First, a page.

Northern British Sayings #1: Ha’porth

Been thinking about this for a while, so here goes. For the amusement,  amazement or probably just the general bemusement of all, I present the first in a series of, “Northern British Sayings”. Could be just a word, or maybe an expression. Probably some dialect things. I’m going to give my interpretation of these, be interesting to hear alternatives in the comments. Since I am a Yorkshireman, my interpretation will generally have a “Yorkshire” perspective. Yes, these are things that people actually say, today (for the benefit of my American friends). 🙂

#1 Ha’porth 

As in, “He doesn’t have an ha’porth of sense.” Or, “You daft ha’porth.”

Pronounced, “aye-peth”, this is a contraction of “Half-penny worth”. So, “He doesn’t have a half-penny worth of sense.”

Incidentally, a half-penny is known as an “ha’penny”, pronounced “aye-penny”. 

Posted by Steve Wetherill


Well, 20 years in Northumberland now allow me to say,

“Ee well, will ya deek at the cantle on yon gadgeys jugle, ah var nai skelped it wi yon muckle clemmy”

At regular intervals.


Ian! I had no idea what most of that is, Googling gets me to:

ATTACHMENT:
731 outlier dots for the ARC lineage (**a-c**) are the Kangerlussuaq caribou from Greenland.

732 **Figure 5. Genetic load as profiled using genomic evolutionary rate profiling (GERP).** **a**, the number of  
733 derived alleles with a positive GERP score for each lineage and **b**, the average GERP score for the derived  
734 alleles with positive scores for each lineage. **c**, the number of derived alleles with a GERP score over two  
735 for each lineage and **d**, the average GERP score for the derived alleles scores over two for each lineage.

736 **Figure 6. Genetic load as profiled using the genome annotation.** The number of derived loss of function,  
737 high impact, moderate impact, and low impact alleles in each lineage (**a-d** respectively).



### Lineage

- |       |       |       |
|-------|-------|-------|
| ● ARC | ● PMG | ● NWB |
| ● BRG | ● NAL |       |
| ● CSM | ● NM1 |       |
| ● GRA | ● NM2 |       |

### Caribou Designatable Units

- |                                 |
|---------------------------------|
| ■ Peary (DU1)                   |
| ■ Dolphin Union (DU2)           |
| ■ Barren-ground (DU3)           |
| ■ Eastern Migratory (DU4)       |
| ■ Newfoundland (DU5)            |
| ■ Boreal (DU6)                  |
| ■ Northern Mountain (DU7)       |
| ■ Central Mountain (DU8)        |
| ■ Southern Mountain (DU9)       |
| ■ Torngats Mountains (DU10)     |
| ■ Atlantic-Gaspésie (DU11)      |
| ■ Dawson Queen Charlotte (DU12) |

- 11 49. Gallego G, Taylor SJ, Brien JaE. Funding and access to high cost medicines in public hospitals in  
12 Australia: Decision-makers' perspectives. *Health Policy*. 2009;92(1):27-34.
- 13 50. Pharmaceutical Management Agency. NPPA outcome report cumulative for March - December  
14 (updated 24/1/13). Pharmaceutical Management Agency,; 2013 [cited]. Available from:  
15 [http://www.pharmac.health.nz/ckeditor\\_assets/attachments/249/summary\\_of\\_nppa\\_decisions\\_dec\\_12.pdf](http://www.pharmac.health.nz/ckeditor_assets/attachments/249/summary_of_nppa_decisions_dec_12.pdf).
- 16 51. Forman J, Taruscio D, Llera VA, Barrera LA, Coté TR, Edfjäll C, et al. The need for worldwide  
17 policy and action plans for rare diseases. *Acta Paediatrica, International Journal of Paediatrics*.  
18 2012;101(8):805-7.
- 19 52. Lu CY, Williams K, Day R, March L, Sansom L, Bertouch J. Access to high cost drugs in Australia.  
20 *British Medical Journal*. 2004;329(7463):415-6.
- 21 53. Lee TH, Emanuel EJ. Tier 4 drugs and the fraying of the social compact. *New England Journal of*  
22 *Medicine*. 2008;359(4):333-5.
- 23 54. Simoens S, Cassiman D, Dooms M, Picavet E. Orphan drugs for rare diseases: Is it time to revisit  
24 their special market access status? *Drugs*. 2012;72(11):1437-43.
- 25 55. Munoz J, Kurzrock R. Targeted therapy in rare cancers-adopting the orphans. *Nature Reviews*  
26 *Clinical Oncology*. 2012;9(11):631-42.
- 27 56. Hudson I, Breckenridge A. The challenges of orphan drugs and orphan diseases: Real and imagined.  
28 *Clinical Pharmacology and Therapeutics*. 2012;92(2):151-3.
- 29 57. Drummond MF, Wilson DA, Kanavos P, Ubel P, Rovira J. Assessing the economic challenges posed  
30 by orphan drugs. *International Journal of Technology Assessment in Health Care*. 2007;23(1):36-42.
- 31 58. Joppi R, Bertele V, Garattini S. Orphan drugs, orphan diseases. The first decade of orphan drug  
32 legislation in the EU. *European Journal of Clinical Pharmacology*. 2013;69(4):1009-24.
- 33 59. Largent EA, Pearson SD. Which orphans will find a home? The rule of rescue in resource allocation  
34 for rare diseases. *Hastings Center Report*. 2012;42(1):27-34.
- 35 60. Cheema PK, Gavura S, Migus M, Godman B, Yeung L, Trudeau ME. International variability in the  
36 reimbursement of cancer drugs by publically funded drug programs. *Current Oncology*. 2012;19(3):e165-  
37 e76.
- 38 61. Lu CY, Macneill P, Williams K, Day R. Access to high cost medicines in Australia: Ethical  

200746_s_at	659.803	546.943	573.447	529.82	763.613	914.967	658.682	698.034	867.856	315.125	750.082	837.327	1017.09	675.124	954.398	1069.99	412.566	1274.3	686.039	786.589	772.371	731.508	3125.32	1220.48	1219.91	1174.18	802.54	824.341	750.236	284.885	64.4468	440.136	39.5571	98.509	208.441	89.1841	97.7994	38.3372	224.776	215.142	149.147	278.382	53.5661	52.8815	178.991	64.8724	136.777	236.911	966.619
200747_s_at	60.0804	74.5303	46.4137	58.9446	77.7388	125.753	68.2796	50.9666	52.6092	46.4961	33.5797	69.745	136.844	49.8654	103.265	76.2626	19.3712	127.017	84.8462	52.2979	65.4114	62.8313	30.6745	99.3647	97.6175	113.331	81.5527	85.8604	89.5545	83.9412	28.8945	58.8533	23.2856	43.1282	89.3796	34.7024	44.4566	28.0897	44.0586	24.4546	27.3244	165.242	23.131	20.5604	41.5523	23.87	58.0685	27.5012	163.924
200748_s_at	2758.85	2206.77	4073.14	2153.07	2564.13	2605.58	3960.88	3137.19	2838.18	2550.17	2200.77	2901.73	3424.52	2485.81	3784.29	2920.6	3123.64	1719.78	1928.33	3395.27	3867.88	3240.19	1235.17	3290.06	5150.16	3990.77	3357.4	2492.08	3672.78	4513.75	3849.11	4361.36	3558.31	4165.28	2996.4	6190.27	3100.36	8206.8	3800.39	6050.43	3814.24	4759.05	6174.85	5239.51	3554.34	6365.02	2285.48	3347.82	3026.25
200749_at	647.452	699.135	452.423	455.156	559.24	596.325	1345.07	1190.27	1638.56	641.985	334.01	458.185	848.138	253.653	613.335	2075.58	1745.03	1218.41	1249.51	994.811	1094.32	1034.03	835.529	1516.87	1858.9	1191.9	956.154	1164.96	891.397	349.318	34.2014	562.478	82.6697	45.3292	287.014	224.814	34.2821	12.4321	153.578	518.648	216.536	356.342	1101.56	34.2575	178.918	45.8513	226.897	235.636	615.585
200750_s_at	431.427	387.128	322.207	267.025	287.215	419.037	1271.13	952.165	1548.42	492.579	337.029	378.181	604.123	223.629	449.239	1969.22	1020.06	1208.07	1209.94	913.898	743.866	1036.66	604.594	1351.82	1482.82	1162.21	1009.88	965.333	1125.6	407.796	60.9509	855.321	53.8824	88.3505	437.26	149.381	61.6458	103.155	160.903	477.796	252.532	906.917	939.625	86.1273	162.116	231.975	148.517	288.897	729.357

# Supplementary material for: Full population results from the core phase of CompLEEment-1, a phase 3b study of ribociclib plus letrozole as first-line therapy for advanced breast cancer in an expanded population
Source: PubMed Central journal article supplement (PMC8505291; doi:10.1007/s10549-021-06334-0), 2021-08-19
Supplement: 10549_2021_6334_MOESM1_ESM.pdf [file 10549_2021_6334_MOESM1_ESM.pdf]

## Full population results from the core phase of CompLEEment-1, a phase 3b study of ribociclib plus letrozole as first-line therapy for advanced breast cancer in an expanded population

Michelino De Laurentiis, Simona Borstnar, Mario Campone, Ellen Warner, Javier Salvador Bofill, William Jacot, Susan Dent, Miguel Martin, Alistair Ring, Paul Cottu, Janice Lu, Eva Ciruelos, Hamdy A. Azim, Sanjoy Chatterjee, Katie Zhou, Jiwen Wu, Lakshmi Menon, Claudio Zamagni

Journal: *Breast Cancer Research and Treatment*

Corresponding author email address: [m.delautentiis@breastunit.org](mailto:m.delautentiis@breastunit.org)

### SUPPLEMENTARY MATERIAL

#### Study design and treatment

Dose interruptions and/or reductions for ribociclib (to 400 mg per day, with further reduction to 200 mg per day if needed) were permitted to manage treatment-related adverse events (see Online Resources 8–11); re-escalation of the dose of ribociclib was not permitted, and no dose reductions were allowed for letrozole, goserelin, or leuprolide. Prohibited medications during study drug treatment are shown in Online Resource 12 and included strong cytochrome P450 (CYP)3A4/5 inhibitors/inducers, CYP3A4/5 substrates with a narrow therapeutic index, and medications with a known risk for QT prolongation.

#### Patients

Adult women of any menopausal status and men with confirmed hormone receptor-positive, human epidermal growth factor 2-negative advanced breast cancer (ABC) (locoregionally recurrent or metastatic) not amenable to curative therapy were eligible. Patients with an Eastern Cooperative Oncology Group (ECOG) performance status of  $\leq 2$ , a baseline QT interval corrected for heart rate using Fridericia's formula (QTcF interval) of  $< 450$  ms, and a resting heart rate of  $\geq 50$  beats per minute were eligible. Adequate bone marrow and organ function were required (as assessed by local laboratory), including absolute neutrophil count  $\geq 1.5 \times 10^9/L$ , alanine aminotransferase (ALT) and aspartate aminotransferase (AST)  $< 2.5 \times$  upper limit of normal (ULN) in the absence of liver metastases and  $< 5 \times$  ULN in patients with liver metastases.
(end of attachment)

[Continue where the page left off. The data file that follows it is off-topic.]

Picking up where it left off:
“I say, will you look at the head on yonder old fellows dog, I very nearly whacked it with yonder big stone.”


Updated with Ian’s input. Parses now, but still makes very little sense. 🙂

” var nai” = very nearly
gadgey = old bloke

other wise … there may be a ajob for you in Google translate 😉

Were reet darn int cilleroil
where t’muck slarts on t’windaz
weve use all us coil up and were
reet darn tat cinders
if yonder bond baliff comes
eel never findus
coz were reet darn in cilleroil
where t’muck slarts on t’windaz

Your time starts now …

We are well down in the cellar
Where the dirt splashes onto the windows
We have used up all of our coal
Right down to the cinders
If yonder bailiff comes
He will never find us
Because we are well down in the cellar
Where the dirt splashes onto the windows

Or summat.

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